The job of the engine is to transform fuel into energy. So, how does an engine work? Internal combustion engines create energy by burning a fuel-air mixture under pressure inside the cylinder, and it’s converted into movement by the engine’s pistons, connecting rods and crankshaft.
However, the design and function of components varies depending on the primary purpose of the vehicle, fuel type and other considerations. Let’s start with the basics of combustion and engine design.
Four Functions of Combustion
Four-stroke engines must perform four essential functions to operate properly and efficiently:
The intake function involves drawing a mixture of air and fuel into the combustion chamber. The compression function compresses the mixture. The power function involves igniting the mixture and harnessing the power of that reaction. The exhaust function expels the burned gases from the engine.
Piston and Piston Rings
The piston moves up and down, or reciprocates, inside the engine’s cylinder. In doing so, it helps complete the four functions of combustion, creating a vacuum that draws the fuel-air mixture into the combustion chamber (intake), compressing the mixture (compression), igniting it (power) and expelling the burned byproducts (exhaust).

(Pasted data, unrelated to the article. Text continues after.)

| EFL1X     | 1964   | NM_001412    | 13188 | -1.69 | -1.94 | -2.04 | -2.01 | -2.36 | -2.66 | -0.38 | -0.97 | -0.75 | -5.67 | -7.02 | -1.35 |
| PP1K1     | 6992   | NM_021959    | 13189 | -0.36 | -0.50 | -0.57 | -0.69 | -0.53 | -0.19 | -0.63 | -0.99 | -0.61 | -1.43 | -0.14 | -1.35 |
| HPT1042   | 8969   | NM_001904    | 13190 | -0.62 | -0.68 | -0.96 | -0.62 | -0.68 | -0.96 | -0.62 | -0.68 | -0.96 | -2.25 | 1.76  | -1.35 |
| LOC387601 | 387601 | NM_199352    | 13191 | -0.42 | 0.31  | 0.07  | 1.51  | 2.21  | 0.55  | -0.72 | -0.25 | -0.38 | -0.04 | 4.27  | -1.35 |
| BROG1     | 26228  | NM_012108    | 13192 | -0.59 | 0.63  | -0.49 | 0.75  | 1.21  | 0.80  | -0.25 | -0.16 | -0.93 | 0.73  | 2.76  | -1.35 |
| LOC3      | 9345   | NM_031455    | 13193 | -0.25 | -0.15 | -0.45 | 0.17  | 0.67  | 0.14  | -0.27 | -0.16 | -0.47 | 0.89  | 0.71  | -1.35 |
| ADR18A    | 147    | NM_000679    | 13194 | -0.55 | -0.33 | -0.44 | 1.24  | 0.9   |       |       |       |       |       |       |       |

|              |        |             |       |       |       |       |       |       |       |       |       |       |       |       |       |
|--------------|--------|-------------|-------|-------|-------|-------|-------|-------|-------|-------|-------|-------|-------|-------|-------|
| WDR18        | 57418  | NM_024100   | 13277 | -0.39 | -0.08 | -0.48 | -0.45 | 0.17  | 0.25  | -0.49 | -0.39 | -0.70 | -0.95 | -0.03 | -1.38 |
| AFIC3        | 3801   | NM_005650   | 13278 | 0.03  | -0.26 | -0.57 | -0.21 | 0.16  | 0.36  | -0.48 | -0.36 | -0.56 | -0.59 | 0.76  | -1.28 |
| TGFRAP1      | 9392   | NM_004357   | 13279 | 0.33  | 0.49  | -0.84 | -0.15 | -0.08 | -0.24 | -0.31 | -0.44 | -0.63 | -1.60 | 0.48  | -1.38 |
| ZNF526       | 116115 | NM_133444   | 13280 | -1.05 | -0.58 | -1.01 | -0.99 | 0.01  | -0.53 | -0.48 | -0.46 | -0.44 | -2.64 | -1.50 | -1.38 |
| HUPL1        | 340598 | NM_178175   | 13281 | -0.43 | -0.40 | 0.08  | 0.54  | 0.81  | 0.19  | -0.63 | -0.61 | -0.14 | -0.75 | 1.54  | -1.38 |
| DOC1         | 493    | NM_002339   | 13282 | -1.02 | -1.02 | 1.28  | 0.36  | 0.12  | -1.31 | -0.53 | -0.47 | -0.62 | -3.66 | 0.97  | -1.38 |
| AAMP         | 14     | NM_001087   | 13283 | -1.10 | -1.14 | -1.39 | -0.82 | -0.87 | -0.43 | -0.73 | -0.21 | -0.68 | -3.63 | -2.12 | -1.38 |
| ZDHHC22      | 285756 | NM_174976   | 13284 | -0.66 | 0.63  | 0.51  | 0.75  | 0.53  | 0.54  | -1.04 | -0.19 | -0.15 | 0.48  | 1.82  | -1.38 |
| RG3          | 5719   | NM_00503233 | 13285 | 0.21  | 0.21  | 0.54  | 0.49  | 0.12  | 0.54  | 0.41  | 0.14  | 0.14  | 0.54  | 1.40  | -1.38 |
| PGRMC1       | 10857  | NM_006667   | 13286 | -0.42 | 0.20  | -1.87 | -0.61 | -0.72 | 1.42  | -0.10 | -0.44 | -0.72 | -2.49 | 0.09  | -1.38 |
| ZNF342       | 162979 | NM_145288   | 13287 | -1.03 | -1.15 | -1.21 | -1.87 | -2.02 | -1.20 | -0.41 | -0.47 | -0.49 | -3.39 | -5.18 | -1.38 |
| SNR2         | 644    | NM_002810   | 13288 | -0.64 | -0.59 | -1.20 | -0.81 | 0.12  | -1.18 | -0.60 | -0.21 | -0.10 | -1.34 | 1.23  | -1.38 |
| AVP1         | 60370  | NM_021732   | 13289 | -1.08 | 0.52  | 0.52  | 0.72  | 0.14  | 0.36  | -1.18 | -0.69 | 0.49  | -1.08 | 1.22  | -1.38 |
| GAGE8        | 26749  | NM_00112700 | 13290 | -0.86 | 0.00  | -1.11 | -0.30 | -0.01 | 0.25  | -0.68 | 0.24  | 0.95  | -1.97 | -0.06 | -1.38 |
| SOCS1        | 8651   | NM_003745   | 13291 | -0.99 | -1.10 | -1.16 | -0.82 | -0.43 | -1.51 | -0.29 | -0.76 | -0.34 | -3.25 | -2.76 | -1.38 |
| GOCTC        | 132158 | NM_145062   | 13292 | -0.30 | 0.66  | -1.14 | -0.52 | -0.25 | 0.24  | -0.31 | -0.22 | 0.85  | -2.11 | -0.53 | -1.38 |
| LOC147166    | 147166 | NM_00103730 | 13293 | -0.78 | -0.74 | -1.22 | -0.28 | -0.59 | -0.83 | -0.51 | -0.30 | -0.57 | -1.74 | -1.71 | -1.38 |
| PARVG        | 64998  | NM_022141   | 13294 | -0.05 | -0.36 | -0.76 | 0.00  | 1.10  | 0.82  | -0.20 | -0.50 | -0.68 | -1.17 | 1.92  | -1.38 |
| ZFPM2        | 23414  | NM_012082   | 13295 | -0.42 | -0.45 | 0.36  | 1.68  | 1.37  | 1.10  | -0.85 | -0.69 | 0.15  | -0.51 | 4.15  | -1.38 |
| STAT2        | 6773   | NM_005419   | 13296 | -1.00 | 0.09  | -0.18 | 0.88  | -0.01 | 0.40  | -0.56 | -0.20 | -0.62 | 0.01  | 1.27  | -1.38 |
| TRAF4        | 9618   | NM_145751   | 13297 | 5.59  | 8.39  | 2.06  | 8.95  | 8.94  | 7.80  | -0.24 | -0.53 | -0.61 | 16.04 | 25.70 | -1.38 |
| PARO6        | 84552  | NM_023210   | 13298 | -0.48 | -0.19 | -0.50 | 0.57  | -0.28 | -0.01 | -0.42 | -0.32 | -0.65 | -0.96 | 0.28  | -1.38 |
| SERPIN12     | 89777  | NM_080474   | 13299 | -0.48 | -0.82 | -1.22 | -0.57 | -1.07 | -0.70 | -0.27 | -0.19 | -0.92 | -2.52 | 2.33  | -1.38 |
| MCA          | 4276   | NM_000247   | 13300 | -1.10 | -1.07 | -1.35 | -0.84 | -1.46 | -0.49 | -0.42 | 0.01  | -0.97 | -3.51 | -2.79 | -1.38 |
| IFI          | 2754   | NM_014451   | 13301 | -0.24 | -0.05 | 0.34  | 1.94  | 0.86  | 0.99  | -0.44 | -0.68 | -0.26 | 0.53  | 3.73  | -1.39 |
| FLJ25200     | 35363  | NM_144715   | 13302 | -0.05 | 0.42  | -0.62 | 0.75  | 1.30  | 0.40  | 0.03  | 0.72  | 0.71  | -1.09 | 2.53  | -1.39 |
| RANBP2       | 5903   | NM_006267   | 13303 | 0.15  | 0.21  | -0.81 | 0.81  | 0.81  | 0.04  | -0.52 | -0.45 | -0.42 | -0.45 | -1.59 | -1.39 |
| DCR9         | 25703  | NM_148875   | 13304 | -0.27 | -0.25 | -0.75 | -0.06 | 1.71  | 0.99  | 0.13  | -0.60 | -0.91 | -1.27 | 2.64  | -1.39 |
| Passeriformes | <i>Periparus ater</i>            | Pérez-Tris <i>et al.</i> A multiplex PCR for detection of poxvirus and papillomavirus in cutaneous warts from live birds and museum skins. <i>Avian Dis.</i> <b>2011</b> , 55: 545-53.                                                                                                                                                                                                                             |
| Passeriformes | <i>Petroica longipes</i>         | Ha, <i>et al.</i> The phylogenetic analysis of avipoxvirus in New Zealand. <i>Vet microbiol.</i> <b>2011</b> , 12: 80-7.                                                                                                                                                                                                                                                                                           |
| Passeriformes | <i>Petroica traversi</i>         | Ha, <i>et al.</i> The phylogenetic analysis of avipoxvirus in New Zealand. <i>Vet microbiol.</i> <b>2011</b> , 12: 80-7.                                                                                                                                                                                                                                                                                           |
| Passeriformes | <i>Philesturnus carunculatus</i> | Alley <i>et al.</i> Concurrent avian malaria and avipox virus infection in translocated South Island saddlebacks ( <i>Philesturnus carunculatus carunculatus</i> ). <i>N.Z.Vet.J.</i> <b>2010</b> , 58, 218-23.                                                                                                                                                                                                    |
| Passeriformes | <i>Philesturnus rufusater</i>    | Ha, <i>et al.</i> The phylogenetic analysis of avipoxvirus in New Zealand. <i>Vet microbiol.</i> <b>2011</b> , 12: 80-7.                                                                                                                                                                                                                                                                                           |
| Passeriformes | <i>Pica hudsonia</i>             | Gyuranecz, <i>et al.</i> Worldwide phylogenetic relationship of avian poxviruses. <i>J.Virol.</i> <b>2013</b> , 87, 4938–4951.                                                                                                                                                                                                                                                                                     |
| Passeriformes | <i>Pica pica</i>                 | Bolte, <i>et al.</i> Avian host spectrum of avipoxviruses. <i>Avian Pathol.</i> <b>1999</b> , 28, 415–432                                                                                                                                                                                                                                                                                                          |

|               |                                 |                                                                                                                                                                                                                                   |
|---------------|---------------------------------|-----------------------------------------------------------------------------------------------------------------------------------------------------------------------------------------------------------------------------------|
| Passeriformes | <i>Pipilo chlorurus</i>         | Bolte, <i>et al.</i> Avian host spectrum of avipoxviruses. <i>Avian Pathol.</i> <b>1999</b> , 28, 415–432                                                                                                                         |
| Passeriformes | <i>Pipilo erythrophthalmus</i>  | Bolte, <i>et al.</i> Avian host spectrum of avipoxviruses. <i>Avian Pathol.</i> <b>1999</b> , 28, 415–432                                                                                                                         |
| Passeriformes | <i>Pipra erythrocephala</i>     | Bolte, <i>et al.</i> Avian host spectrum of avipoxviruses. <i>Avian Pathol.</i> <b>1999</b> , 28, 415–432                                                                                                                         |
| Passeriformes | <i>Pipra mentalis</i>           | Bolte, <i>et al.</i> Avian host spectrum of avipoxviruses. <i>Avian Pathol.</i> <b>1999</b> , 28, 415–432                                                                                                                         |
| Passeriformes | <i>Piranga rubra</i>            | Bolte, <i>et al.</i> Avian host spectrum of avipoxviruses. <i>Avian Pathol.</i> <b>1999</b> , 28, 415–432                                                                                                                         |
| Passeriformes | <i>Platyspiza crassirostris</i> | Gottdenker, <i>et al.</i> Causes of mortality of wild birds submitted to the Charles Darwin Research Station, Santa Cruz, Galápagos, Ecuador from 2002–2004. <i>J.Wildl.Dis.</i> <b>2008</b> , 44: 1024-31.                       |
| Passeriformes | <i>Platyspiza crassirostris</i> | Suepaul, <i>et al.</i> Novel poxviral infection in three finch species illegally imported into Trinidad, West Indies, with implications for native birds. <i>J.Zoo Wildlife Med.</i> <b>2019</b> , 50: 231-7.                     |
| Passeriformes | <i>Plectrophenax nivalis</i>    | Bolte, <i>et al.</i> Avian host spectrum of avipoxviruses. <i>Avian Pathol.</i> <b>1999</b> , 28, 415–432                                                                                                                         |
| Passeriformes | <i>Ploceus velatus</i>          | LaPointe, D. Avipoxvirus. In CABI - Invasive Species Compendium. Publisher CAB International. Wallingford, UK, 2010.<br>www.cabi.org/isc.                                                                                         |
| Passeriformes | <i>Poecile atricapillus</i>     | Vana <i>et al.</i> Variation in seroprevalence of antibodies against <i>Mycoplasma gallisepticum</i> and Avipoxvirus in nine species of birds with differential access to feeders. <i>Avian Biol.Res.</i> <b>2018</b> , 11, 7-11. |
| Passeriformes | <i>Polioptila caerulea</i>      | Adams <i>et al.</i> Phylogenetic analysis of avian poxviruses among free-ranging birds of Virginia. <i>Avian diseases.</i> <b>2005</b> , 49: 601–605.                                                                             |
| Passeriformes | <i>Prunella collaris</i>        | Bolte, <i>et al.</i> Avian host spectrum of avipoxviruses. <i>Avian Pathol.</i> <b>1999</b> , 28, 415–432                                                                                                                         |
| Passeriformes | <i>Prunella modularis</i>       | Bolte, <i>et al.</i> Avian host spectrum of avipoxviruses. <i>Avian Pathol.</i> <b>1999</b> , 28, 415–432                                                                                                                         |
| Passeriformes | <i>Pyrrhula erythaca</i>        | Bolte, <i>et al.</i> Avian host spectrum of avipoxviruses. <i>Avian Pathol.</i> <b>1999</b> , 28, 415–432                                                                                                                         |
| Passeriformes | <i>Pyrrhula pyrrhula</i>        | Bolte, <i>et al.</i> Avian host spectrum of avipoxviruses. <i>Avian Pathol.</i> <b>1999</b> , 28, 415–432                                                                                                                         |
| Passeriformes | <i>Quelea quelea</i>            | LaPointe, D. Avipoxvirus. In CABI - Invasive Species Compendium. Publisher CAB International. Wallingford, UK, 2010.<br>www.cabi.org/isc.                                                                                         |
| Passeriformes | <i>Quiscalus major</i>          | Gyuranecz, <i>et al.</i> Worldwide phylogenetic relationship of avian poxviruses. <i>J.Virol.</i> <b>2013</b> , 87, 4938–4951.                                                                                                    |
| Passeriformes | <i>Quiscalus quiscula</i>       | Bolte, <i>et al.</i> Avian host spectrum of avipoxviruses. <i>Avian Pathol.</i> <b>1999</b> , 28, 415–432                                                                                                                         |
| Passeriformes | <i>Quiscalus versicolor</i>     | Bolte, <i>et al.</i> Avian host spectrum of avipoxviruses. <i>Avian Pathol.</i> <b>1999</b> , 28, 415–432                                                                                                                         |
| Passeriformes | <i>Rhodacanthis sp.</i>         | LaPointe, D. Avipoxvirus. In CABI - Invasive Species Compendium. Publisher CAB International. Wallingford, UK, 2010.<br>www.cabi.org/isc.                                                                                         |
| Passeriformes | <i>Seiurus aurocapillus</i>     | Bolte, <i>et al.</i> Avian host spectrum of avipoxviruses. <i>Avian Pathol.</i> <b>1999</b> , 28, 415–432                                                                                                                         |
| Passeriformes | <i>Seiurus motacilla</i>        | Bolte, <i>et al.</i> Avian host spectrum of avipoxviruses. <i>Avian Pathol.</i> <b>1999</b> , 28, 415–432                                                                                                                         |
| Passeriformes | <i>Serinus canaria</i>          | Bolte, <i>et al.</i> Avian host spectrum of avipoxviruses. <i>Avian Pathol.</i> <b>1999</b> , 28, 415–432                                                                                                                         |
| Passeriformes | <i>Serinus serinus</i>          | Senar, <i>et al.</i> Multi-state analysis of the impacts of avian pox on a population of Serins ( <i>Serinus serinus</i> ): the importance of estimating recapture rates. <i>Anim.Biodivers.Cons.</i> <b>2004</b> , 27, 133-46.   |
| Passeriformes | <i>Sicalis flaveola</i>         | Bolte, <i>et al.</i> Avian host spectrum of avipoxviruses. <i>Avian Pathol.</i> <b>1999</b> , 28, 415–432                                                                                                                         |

The area above the piston is referred to as the cylinder or combustion chamber. Air and fuel are compressed and ignited in the cylinder. Piston rings below the piston crown form a seal against the cylinder wall to prevent fuel from leaking out of the combustion chamber and help prevent most of the combustion byproducts from leaking past the piston rings and contaminating the oil in the crankcase. The piston rings also help cool the piston by dispersing oil along the cylinder wall and transferring heat.
Connecting Rods and Wrist Pins
Connecting rods connect the piston to the crankshaft. A wrist pin is used to attach the piston to the connecting rod, allowing them to pivot as they reciprocate. Both the undercrown and wrist pin are exposed to extreme stress as they bear the force from the reciprocating pistons, most notably when the piston is driven down by the force of combustion.
How Does an Engine Work? Crankshaft
The crankshaft converts the pistons’ reciprocating action into rotary movement that is transferred to the transmission. In a typical consumer vehicle, the crankshaft is attached to the transmission via clutch (manual) or torque converter (automatic). In a lawnmower, the crankshaft is attached directly to the cutting blades.
Seals at the ends of the crankshaft prevent oil from leaking out of the engine. Seals in two-stroke engines have the added challenge of operating under the forces of positive and negative pressure created by the reciprocating piston. Four-stroke engine seals do not operate under such pressure.
The engine’s main bearings support the crankshaft. Depending on the engine design, roller bearings or plain bearings may be used.
Roller bearings (anti-friction bearings) are used in two-stroke applications because a dedicated lubricant source is not available. Roller bearings contain moving elements and may also be referred to as roller-element bearings.
Plain bearings are fixed, non-moving bearings that provide support to the rotating crankshaft in four-stroke applications. They are designed to provide low-friction resistance and require a dedicated, pressurized lubrication source to provide an adequate fluid barrier between metal components.